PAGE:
Daft Punk - Random Access Memories (Review)
Review by Jack Foley
GIVEN the hype surrounding Daft Punk’s first studio album in eight years, fuelled further by the No.1 success of lead single Get Lucky, it’s somewhat disappointing to report that Random Access Memories isn’t more memorable.
When it’s cool, it can be really cool. But while there’s a lot of creativity at play, it’s not always satisfying.
Indeed, the album works best as a series of cool snapshots featuring a variety of special guests. When things become more indulgent, they go off the boil.
Hence, listeners anticipating an album full of technologically cool dance-floor marvels akin to Get Lucky may feel cheated when they hit more lacklustre numbers such as The Game of Love (which goes nowhere slowly in spite of a beautifully melancholy chorus) or the utterly self-indulgent nine minute Giorgio By Moroder, which does absolutely nothing for the majority of its running time.
If this is representative of the modern, mature Daft Punk, then it’s below par. After eight years, we’d been expecting more. And it’s curious that those two tracks come so early in the album, raising fears of a complete misfire.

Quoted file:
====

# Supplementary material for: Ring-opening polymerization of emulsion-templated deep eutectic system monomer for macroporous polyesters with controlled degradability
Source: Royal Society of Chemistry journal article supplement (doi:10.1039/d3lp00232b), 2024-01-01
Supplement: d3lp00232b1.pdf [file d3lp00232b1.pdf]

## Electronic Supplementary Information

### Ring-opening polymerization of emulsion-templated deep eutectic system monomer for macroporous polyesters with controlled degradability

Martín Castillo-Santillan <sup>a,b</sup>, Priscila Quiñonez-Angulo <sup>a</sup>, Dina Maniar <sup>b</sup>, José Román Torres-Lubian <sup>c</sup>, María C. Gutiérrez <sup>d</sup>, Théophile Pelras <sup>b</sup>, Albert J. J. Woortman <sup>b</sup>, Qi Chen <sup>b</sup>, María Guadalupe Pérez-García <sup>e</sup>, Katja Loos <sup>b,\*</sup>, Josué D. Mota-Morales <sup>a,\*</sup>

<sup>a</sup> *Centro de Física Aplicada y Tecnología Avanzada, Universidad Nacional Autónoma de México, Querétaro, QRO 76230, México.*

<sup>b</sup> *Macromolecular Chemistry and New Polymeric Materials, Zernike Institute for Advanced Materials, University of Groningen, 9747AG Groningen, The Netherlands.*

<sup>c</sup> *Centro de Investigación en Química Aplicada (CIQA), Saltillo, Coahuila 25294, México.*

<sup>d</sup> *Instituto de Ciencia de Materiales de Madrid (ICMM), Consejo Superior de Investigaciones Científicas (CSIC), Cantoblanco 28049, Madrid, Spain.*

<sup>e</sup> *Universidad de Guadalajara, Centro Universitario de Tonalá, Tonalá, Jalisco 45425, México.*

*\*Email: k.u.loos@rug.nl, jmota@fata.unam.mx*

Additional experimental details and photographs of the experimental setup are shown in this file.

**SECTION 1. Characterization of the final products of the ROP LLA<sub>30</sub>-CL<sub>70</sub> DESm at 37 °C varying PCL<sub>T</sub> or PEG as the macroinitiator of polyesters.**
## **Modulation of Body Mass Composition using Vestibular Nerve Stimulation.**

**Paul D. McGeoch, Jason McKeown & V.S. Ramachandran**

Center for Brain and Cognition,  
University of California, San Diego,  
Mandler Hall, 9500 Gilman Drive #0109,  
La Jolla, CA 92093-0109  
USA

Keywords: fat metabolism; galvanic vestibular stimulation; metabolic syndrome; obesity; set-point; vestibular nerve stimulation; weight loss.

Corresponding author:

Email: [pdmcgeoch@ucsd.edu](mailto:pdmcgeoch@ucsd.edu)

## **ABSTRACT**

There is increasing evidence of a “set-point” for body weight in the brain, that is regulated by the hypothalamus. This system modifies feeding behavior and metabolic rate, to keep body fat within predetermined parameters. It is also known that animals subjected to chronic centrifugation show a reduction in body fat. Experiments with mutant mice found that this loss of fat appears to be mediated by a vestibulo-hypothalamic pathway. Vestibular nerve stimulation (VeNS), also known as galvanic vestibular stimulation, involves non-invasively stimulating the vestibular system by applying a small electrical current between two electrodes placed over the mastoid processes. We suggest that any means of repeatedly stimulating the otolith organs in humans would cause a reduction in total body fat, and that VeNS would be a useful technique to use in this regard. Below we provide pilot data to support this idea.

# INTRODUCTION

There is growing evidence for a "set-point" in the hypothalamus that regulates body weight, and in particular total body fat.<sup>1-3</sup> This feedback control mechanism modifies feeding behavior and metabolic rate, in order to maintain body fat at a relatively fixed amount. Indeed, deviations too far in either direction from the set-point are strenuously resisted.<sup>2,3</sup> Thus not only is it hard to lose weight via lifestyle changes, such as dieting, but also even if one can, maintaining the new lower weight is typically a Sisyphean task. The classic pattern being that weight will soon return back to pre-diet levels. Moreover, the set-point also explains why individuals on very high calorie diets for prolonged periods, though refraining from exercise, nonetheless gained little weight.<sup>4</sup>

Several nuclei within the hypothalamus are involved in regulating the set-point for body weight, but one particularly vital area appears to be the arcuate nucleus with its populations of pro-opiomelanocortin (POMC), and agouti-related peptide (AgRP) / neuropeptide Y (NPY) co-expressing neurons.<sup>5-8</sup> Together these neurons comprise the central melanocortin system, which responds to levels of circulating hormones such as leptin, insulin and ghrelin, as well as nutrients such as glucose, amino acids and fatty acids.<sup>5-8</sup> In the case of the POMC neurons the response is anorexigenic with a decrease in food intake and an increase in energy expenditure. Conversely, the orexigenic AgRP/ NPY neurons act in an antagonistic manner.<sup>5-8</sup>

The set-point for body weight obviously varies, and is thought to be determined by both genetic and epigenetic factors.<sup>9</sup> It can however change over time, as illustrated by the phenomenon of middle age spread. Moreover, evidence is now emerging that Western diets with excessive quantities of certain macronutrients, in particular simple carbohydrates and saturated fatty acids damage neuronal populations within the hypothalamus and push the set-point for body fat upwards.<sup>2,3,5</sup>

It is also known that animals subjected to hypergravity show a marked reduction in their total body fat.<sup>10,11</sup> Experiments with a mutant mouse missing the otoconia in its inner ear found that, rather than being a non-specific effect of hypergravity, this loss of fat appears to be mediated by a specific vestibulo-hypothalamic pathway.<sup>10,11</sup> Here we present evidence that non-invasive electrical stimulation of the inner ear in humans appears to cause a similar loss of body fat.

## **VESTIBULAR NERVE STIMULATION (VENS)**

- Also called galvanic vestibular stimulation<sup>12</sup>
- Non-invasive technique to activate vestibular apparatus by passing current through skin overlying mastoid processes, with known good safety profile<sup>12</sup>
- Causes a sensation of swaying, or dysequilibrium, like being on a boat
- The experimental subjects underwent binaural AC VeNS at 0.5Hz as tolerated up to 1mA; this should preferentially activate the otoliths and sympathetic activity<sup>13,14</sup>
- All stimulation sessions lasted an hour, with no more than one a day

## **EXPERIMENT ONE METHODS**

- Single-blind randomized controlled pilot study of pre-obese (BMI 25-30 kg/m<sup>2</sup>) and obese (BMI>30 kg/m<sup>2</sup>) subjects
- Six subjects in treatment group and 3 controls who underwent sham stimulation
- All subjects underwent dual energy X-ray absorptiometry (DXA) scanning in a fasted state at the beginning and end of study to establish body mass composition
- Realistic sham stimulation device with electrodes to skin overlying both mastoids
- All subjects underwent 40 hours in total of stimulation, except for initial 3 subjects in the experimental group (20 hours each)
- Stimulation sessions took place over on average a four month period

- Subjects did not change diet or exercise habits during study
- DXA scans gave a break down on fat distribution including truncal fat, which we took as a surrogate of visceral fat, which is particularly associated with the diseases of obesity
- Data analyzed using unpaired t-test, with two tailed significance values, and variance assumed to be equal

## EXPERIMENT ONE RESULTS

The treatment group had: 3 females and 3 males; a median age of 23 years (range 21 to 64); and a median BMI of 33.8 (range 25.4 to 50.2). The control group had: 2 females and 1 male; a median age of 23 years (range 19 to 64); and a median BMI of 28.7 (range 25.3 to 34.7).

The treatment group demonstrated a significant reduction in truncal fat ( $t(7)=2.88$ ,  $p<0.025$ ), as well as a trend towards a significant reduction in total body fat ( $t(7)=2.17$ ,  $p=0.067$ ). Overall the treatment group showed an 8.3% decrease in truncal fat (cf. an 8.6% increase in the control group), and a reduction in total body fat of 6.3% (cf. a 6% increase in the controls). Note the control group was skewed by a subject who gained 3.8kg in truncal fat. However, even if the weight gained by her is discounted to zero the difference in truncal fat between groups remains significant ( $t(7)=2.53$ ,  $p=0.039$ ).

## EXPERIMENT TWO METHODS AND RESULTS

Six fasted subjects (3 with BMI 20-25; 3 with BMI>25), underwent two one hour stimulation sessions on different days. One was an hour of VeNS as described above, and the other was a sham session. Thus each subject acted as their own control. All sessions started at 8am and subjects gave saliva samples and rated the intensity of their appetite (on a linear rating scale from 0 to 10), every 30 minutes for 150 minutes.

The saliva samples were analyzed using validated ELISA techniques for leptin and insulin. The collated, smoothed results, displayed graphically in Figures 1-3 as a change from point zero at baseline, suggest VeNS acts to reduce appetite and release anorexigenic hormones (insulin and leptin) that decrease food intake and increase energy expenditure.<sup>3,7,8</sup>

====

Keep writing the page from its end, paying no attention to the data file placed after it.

Give Life Back To Music does at least kick-start things in upbeat, funky fashion by employing a vibe that’s reminiscent of classic Daft Punk. But it’s a false start.
The next cool moment doesn’t really arrive until Instant Crush, which uses The Strokes’ Julian Casablancas to surprisingly endearing effect. Then it hits its stride, hitting you with a succession of funky, dance-floor friendly, pop savvy moments that make Daft Punk essential again.
Pharrell Williams crops up twice and successfully so. His smooth flow adding extra chic to the already sleek Get Lucky and, prior to that, Lose Yourself To Dance.
While a little later on Panda Bear, from Animal Collective, lends his vocals to the seriously addictive and sexy Doin’ It Right.
Paul Williams, meanwhile, brings a distinct vocal presence to the intriguing Touch (which has its moments) and Todd Edwards enlivens the wistful Fragments of Time.
But some of the pure Daft Punk moments feel underwhelming. Within, Beyond and Motherboard aim for the epically ambitious but only intermittently find high-points.
Thank goodness, then, for Contact, which ends things on an instrumental high… offering another throwback to classic Daft Punk sounds of the past and building to a heady, funky, feel-good climax.
Clocking in at one hour and 14 minutes, Random Access Memories is a long listen and one that is likely to frustrate as much as it impresses. Overall, though, it has to rate as something of a disappointment in spite of those cool (and yes, essential) random access moments.
Download picks: Instant Crush, Lose Yourself To Dance, Get Lucky, Doin’ It Right, Contact